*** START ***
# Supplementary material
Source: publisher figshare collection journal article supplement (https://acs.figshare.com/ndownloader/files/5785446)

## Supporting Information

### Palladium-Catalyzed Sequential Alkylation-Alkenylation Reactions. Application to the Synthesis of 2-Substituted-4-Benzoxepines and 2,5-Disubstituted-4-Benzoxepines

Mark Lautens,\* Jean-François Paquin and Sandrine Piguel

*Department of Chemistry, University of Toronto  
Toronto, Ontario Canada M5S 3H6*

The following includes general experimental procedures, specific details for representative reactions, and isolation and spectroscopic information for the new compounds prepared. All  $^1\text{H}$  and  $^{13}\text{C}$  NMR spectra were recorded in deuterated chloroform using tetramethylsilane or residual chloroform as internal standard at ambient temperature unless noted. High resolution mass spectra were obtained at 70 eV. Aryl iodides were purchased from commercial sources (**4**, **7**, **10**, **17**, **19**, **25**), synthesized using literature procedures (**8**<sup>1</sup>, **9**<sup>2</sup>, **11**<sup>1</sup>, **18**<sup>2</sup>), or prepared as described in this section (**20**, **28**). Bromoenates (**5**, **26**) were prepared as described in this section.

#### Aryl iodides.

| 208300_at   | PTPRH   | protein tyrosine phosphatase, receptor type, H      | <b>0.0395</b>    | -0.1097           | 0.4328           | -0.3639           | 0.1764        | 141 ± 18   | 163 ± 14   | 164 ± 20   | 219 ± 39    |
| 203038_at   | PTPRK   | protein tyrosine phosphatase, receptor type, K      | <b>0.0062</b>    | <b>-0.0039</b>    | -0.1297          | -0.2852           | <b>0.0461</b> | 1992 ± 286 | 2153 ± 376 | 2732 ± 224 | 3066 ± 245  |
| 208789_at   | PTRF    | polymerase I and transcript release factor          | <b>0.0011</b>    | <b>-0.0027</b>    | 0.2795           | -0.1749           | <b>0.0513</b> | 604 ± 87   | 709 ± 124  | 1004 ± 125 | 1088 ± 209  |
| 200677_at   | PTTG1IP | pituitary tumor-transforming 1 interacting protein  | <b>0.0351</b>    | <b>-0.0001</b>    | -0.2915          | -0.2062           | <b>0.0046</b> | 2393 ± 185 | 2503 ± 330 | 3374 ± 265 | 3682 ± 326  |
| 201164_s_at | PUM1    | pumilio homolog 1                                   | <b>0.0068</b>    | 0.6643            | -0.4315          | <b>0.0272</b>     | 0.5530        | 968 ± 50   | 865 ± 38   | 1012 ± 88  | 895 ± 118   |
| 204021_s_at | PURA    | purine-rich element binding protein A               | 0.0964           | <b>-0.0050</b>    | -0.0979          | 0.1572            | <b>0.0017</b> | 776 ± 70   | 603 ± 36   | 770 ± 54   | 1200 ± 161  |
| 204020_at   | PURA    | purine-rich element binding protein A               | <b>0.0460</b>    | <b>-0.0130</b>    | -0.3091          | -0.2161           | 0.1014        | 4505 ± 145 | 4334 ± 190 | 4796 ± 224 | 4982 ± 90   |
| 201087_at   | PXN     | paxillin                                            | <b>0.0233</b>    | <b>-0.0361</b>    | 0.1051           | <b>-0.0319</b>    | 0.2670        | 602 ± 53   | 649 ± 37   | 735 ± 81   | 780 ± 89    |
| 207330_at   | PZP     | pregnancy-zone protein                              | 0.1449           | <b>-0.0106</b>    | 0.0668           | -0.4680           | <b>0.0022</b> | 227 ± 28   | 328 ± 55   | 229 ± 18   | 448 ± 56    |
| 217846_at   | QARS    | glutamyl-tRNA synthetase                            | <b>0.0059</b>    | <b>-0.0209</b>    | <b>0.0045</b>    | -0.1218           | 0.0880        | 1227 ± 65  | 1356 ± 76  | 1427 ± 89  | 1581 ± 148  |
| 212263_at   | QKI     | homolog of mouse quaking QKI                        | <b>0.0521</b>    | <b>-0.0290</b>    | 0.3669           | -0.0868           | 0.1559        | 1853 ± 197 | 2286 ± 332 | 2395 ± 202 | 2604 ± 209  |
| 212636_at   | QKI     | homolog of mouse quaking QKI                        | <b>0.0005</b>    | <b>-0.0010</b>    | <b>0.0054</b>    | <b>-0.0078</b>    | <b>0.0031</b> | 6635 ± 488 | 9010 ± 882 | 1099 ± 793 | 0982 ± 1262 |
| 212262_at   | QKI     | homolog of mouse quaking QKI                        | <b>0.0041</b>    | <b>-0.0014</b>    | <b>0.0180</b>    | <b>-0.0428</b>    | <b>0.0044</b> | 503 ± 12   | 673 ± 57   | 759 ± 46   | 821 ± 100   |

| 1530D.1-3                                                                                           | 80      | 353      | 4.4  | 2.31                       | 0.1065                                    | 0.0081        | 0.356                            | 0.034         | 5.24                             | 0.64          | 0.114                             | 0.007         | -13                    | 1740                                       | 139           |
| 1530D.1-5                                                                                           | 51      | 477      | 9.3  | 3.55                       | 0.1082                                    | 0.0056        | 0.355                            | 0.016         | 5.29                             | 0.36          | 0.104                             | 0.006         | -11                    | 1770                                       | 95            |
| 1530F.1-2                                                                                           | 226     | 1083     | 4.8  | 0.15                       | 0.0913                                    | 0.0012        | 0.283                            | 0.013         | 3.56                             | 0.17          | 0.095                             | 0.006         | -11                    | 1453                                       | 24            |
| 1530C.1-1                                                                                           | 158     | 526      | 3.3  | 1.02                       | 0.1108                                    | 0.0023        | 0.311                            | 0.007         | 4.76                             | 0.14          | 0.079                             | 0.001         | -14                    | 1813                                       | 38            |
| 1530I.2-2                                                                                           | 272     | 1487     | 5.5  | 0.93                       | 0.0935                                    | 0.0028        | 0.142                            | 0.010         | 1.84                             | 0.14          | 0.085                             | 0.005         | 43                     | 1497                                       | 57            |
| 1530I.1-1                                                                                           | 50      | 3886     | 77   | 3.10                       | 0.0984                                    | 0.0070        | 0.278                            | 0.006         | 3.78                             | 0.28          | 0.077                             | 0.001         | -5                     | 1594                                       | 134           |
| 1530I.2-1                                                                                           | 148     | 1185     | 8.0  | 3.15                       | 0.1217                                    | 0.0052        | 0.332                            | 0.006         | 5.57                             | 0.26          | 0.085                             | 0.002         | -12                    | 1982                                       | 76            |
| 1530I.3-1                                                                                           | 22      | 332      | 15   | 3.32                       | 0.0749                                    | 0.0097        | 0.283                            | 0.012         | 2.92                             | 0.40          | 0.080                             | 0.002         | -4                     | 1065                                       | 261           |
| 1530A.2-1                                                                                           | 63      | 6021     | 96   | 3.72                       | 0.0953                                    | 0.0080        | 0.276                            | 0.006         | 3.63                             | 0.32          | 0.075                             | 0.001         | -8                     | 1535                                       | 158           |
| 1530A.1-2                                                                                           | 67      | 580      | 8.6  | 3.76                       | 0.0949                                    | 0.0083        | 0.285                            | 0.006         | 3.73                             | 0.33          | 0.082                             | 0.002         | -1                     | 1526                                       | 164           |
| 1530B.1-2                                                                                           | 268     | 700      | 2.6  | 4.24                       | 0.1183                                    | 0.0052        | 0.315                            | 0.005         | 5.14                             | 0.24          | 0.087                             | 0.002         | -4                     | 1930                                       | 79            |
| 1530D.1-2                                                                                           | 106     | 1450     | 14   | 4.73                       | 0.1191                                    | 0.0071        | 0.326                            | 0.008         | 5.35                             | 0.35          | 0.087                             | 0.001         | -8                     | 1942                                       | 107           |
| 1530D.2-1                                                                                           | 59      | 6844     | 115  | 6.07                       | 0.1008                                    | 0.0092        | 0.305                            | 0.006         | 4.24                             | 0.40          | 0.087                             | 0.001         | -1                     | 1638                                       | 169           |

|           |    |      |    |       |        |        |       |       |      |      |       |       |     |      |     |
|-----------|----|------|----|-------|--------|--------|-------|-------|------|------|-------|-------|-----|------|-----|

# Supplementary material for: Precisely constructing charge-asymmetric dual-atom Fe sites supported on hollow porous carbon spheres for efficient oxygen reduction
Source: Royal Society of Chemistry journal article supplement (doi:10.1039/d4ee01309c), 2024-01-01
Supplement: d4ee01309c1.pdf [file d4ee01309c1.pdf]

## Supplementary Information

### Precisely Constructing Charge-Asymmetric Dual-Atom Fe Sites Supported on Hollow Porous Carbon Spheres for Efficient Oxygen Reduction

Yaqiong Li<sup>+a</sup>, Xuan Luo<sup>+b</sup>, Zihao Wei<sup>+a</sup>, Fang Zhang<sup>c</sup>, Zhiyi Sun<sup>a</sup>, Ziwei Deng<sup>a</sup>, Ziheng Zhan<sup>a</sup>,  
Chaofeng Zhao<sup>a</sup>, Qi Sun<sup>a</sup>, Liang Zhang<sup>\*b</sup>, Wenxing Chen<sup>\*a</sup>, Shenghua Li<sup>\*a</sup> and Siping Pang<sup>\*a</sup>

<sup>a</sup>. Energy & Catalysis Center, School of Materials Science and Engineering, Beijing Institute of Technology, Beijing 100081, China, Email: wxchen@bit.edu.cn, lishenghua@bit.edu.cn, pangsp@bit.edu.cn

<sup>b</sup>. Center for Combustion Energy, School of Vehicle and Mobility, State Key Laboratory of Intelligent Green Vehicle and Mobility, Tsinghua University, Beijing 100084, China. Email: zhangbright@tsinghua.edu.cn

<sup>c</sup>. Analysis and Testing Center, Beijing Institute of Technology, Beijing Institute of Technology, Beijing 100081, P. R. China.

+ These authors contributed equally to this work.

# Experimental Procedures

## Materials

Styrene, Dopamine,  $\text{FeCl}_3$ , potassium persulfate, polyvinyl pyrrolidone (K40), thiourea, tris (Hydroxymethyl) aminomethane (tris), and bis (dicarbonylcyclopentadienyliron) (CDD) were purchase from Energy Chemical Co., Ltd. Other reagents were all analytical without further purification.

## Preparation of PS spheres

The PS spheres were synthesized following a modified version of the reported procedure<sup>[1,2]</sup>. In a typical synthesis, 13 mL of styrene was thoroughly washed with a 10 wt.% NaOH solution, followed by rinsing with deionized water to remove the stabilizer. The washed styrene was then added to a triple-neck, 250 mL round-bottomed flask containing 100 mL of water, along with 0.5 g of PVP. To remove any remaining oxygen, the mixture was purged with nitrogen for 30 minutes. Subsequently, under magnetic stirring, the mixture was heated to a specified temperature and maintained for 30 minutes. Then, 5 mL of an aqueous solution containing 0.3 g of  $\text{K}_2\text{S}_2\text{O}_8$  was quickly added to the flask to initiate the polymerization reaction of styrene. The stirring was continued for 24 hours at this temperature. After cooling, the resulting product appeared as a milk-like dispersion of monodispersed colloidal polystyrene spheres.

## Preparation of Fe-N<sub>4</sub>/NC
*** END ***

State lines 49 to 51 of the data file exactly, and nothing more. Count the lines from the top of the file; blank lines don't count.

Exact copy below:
# Experimental Procedures

## Materials

Styrene, Dopamine,  $\text{FeCl}_3$ , potassium persulfate, polyvinyl pyrrolidone (K40), thiourea, tris (Hydroxymethyl) aminomethane (tris), and bis (dicarbonylcyclopentadienyliron) (CDD) were purchase from Energy Chemical Co., Ltd. Other reagents were all analytical without further purification.